(maps, photos; aerial; ground) (2-10)
Circumstances sometimes make one or more of the reconnaissance methods impractical, or even impossible.
Large-scale maps may not be available; bad weather may ground aircraft; rugged terrain or enemy control may make
large areas inaccessible to ground parties. Whatever the conditions, the best combination of available methods is
used to provide maximum usable information in the time available.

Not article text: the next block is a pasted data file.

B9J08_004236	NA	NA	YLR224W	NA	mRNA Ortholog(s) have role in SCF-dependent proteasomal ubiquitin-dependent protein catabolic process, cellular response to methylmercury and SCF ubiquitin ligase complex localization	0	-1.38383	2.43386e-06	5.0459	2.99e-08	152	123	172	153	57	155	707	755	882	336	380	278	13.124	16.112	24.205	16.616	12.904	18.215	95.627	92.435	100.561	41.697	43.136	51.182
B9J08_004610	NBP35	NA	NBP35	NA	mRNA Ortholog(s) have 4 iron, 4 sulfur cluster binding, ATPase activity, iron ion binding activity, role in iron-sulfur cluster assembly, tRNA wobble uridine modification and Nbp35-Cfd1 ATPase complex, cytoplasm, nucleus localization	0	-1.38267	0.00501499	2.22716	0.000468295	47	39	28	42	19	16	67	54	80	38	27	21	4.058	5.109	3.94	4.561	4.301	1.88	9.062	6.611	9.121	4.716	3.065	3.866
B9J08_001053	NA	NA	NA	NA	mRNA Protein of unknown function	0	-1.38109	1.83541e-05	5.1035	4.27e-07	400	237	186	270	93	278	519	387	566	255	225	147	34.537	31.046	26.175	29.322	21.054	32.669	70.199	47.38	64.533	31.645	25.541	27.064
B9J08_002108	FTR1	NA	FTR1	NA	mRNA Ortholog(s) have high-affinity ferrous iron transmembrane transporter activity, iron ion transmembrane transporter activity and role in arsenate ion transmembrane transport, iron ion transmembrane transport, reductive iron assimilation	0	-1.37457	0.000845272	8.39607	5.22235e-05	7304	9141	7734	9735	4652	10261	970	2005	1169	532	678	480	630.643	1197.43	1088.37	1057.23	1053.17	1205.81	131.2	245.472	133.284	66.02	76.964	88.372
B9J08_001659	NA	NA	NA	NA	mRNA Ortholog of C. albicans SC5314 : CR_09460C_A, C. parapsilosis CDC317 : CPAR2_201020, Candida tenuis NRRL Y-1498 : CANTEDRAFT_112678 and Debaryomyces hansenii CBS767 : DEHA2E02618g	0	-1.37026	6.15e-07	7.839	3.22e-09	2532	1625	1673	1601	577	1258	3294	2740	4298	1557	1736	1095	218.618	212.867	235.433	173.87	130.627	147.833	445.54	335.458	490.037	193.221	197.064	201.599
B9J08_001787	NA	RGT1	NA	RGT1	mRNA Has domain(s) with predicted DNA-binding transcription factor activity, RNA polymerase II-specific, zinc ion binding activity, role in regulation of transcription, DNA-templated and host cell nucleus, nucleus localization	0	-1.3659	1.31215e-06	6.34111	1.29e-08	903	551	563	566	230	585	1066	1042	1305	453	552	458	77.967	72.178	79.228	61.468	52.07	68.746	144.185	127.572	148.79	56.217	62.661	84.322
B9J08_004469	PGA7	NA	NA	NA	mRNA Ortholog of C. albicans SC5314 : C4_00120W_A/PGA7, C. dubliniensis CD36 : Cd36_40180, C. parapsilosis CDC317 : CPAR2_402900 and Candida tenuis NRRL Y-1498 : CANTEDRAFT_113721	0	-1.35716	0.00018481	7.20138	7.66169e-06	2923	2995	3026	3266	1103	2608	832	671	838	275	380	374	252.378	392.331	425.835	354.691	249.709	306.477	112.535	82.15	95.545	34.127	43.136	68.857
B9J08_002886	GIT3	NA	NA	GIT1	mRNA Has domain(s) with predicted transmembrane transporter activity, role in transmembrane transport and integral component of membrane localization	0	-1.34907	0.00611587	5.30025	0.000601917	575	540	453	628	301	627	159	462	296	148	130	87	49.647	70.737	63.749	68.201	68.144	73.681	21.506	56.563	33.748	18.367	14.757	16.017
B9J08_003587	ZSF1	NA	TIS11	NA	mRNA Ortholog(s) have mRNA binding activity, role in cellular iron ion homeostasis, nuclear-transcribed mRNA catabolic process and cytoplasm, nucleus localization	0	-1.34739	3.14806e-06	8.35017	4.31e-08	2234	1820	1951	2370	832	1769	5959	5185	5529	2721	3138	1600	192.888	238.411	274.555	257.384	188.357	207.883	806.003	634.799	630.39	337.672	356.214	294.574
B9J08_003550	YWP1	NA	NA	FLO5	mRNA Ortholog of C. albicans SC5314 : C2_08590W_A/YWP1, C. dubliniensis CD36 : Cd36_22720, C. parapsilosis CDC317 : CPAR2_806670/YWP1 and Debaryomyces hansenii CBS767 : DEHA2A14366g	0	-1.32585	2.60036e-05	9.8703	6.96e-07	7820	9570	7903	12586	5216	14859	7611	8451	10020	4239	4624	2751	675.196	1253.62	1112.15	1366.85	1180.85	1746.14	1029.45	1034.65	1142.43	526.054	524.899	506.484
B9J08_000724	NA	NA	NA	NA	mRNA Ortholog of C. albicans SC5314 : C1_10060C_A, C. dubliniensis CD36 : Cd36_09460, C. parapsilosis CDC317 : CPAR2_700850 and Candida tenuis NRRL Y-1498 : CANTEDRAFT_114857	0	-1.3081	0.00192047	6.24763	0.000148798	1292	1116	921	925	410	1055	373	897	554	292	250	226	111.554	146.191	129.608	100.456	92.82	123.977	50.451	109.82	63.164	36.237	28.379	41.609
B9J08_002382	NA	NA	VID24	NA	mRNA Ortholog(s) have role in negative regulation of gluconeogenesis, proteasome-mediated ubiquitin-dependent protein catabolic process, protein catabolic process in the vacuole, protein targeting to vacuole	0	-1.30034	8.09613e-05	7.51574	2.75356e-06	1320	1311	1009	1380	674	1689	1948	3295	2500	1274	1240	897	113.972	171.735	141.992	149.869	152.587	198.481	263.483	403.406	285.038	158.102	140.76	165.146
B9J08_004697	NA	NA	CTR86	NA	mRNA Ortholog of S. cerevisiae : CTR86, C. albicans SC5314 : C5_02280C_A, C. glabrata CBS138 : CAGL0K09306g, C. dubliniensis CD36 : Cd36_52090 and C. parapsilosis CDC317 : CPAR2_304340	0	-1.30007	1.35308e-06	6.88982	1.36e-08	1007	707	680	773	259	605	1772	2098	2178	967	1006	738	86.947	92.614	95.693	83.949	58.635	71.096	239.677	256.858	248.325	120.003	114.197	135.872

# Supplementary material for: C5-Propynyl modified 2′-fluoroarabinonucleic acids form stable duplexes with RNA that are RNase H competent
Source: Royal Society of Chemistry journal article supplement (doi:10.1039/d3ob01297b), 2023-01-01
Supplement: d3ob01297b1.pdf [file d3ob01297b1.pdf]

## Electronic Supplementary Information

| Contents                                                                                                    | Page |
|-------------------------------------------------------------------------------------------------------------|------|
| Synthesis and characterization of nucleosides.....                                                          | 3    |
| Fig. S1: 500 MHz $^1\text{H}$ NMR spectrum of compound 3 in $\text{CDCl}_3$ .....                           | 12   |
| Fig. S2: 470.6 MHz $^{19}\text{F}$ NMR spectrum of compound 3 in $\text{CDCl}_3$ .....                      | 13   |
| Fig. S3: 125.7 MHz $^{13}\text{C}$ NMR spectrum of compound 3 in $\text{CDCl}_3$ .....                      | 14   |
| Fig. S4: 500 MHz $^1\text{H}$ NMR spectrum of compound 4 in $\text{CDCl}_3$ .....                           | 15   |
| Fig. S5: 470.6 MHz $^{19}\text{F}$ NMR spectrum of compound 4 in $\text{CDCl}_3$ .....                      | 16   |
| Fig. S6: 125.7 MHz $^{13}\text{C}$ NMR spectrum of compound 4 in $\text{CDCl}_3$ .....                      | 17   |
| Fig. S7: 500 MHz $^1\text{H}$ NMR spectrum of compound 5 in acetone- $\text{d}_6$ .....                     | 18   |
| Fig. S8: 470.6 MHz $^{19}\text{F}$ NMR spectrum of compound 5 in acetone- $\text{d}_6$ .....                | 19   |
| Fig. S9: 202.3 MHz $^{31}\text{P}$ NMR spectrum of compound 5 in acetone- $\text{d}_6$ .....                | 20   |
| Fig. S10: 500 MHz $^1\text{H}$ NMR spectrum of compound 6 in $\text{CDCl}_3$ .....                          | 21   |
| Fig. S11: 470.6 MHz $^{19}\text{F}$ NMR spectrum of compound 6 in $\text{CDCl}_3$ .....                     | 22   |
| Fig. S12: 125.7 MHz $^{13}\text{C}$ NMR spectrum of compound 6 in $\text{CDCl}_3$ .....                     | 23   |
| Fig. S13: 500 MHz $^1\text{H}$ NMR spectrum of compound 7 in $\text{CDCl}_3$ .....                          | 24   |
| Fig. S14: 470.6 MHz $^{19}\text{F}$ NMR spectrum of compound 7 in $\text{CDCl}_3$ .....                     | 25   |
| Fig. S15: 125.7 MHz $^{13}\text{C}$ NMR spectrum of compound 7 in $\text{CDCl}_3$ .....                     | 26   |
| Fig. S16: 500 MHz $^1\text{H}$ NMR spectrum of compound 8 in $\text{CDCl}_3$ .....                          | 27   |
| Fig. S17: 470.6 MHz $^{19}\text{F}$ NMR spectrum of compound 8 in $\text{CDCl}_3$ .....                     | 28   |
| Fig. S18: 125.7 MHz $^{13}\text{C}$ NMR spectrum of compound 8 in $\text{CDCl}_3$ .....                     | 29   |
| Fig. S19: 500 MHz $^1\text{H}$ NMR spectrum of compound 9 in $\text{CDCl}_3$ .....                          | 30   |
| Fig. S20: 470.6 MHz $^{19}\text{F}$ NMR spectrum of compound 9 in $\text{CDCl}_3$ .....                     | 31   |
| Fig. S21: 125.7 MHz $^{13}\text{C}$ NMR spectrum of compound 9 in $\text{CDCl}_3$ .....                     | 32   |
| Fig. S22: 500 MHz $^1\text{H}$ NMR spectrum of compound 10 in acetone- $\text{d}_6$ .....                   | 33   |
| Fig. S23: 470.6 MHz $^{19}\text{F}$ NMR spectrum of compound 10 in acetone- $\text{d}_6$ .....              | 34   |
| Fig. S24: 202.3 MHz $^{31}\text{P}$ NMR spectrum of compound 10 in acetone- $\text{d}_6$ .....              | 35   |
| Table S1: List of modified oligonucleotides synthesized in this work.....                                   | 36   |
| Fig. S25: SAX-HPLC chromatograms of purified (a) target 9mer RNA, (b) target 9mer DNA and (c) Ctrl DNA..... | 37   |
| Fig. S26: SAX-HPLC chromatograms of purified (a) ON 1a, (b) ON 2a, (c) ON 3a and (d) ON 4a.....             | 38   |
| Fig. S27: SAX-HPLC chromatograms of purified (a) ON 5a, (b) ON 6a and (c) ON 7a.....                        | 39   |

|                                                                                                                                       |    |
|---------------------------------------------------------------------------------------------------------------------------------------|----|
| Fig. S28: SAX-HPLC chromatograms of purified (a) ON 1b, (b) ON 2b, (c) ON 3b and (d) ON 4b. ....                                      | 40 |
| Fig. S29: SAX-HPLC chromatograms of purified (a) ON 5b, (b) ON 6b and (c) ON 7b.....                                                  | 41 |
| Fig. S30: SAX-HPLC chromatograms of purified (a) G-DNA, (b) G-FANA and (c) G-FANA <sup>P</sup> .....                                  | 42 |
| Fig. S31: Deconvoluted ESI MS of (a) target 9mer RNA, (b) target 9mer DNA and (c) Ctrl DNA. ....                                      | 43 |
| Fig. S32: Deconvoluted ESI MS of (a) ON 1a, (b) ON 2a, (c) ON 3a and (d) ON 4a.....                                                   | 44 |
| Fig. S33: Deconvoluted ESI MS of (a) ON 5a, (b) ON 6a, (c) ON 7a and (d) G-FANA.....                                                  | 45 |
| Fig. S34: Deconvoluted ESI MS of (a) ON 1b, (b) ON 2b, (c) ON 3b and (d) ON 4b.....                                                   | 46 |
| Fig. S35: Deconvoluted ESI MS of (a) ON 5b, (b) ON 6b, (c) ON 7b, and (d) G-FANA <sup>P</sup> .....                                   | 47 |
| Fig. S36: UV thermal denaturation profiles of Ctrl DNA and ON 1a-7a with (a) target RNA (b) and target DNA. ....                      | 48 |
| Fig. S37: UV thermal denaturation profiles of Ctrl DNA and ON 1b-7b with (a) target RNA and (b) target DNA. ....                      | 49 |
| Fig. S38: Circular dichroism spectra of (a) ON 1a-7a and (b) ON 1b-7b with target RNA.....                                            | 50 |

Although ideally, the three reconnaissance methods are used to supplement each other, circumstances may
make one or two of the methods __________________________________.
Set 2-4. AERIAL RECONNAISSANCE
(supplement; obscured; measurements) (2-34)
In aerial reconnaissance, the terrain is viewed directly by an observer from aircraft. Aerial reconnaissance is
normally conducted as a follow-up to map reconnaissance, but it may be the only means of obtaining information in
a given area.
In aerial reconnaissance, the terrain is viewed ____________________________________ from aircraft. Map
reconnaissance is normally ________________________________ by aerial reconnaissance.